If you should visit the gravesite of George Orwell, as I have, you might notice three things: the humble simplicity of its surroundings, the absence of other people (by which I mean, of course, “living” people), and the simplicity of his marker, which is inscribed with his birth name, Eric Arthur Blair. That the final resting place of planet earth’s greatest prophet should remain so uniquely unrewarded by glitz and fame in its own way makes the place all that more powerfully moving. I do not know Kim Kardashian and I mean her no harm, but that she should be significantly more famous than Eric Arthur Blair’s nom de plume may serve as a deserving epitaph for a species ultimately condemned to a stupid finish – if we don’t heed his warning.
I cannot think of a single instance in all his writings where George Orwell raised a polemic against totalitarianism. He didn’t have to. Instead, he showed us what it looked like, how it justified itself and how it took over. He didn’t need to call it evil, he merely showed us why and how it was evil, by exposing us, in his fiction, to life at the unendurably wrong end of the barrel of a gun. He exposed the triple follies of the 20th century – imperialism, fascism and Soviet communism – as aspects of the same idiocy, the belief that if you surrender your rights – to the white man, to the nation, to the good of the proletariat – the end will be predictably dystopian.
The justifications vary but they always amount to the same thing, “the good of the state,” “civilization for your own good,” “make America great again.” On closer inspection one realizes these are placards not merely in the literal sense, but the symbolic sense as well. Two dimensions with nothing on the other side. How does one make America great again? No one really knows, no one bothers to explain it in anything like detail, because it’s an unexamined assumption that is only understood in the uselessly abstract. Every era is some future somebody’s “good old days,” and America’s fuzzy past is a standard held up to disguise an underlying darker rationale.
Orwell understood that darker rationale for what it was and he exposed it mercilessly: power for its own sake. Power because some people like telling other people what to do, what to think, whom to love. Power because some people enjoy hurting other people.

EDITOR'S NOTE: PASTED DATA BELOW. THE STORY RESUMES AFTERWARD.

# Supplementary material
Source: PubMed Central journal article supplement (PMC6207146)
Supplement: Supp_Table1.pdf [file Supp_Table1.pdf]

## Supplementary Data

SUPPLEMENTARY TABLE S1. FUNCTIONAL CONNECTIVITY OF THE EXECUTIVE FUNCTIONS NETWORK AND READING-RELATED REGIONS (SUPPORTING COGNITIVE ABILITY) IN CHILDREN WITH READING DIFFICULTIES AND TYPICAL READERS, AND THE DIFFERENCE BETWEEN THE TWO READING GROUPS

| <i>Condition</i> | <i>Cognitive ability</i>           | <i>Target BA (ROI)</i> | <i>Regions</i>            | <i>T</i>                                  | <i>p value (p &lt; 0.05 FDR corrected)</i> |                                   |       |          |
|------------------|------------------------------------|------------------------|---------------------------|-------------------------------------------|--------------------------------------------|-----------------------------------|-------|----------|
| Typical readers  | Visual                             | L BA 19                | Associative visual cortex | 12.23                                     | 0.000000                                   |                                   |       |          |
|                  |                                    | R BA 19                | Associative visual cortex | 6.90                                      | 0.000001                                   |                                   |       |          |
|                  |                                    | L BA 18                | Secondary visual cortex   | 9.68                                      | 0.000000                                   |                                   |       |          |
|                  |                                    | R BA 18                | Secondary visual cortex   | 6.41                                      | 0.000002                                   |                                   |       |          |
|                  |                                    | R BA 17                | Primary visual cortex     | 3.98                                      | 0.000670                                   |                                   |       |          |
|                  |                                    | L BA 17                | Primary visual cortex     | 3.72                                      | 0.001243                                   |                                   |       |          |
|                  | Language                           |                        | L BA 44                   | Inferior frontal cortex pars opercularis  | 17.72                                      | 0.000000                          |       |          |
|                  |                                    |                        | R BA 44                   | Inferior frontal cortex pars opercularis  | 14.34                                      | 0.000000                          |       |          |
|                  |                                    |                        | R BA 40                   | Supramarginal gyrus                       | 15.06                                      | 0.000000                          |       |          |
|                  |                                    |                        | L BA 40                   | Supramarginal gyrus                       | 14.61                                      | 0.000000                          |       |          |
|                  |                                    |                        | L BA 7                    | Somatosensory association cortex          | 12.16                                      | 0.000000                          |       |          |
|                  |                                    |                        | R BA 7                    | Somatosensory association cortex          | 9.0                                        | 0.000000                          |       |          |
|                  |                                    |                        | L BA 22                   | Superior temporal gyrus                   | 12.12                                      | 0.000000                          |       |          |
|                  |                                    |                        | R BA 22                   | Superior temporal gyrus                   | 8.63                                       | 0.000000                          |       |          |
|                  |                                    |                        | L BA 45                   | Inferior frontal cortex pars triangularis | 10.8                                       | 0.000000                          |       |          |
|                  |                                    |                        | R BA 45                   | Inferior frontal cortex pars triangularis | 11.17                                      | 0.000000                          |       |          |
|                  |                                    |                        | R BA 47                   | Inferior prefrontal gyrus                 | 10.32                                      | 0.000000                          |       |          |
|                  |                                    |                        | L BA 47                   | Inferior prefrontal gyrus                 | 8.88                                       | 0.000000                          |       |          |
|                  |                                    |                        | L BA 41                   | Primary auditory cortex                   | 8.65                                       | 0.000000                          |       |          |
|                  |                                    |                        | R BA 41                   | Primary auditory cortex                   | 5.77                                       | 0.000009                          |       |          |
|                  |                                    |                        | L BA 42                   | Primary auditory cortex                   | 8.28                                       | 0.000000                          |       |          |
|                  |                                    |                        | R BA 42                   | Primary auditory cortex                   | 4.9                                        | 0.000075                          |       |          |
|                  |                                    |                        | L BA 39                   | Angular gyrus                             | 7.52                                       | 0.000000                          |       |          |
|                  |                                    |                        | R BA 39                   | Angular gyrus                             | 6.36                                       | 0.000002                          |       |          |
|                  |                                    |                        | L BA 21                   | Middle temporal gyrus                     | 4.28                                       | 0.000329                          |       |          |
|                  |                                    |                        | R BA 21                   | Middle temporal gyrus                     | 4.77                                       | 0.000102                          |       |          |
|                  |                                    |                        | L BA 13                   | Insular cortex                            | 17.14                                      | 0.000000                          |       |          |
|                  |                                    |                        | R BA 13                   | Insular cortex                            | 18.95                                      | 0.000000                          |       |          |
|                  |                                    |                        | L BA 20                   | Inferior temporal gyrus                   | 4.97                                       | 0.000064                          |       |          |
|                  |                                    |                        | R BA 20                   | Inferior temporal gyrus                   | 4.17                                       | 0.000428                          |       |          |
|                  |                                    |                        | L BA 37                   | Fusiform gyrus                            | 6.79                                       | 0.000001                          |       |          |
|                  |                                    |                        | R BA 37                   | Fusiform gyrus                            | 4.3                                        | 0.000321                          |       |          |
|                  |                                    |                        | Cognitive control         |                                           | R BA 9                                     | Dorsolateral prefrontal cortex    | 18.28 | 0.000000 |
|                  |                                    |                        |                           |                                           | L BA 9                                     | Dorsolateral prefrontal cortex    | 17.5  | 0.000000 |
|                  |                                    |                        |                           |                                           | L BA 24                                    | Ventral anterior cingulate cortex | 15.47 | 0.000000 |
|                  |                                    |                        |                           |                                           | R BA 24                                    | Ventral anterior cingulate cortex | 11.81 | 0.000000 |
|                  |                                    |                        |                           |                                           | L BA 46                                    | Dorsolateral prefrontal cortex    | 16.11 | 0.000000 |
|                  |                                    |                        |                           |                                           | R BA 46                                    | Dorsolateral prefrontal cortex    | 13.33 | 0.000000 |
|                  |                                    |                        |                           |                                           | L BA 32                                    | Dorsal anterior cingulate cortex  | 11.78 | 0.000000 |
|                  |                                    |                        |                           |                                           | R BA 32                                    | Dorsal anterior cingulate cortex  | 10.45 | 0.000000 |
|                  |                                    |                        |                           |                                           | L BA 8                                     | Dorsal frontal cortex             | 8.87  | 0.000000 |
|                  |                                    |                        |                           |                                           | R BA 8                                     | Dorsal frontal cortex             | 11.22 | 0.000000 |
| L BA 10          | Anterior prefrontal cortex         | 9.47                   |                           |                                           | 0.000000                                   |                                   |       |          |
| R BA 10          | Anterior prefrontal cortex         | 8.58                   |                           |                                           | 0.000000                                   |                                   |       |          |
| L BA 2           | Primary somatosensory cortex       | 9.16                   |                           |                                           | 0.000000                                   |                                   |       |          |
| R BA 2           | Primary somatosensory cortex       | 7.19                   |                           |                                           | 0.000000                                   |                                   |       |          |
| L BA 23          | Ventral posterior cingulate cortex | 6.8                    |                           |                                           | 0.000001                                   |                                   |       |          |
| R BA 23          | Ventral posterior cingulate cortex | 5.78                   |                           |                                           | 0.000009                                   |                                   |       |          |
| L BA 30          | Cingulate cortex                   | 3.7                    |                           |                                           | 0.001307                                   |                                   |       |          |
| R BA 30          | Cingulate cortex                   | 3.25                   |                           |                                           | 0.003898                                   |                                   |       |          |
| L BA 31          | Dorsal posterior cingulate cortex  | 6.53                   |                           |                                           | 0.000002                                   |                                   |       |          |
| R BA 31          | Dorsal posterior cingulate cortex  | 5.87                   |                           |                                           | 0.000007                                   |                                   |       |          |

The subtext of George Stephanopoulos’ interview with Donald Trump is, clearly, that Donald Trump doesn’t know what he’s doing because he doesn’t need to know what he’s doing. That is not why he’s in power. He’s in power for the sake of power, for the ugly relentless pursuit and exercise of power, for himself and for his Republican cronies.
Occasionally they do public good, just for the sake of form. For example, Mitch McConnell’s recent promise to extend the benefits paid to 9/11 first responders is a bone he reluctantly tosses us to hide the one and a half trillion dollar tax cut he gave to his rich friends, or to distract from the rapist he recently husbanded onto the bench of the Supreme Court. But one does get the impression Mitch is getting tired of the pretence. He, like Donald Trump, looks forward to a time when they can murder democracy right out in the open, and laugh at us as we are forced to watch.
Little by little the American people are being gaslighted by slogans: “no collusion,” “the enemy of the people,” “make America great again.” Or, in Orwellian terms, “War is Peace,” “Freedom is Slavery,” “Ignorance is Strength.” And if you think there are not enough of them to pull it off, think again. The Nazis did it with just one third of the German people behind them.
Orwell’s playbook tells how things will proceed, how they must proceed for Trump and his gang to hold onto the power they have grown to love. Slowly, bit by bit, Trump and his cronies will want more and more concessions. They have already cleared a path for Russian interference in the election of 2020 with nary a shot fired. They will continue to flout shamelessly the rule of law, out of the well of contempt from a fathomless conviction that the rule of law will soon be a thing of the past. They must be stopped.
Robert Harrington is an American expat living in Britain. He is a portrait painter.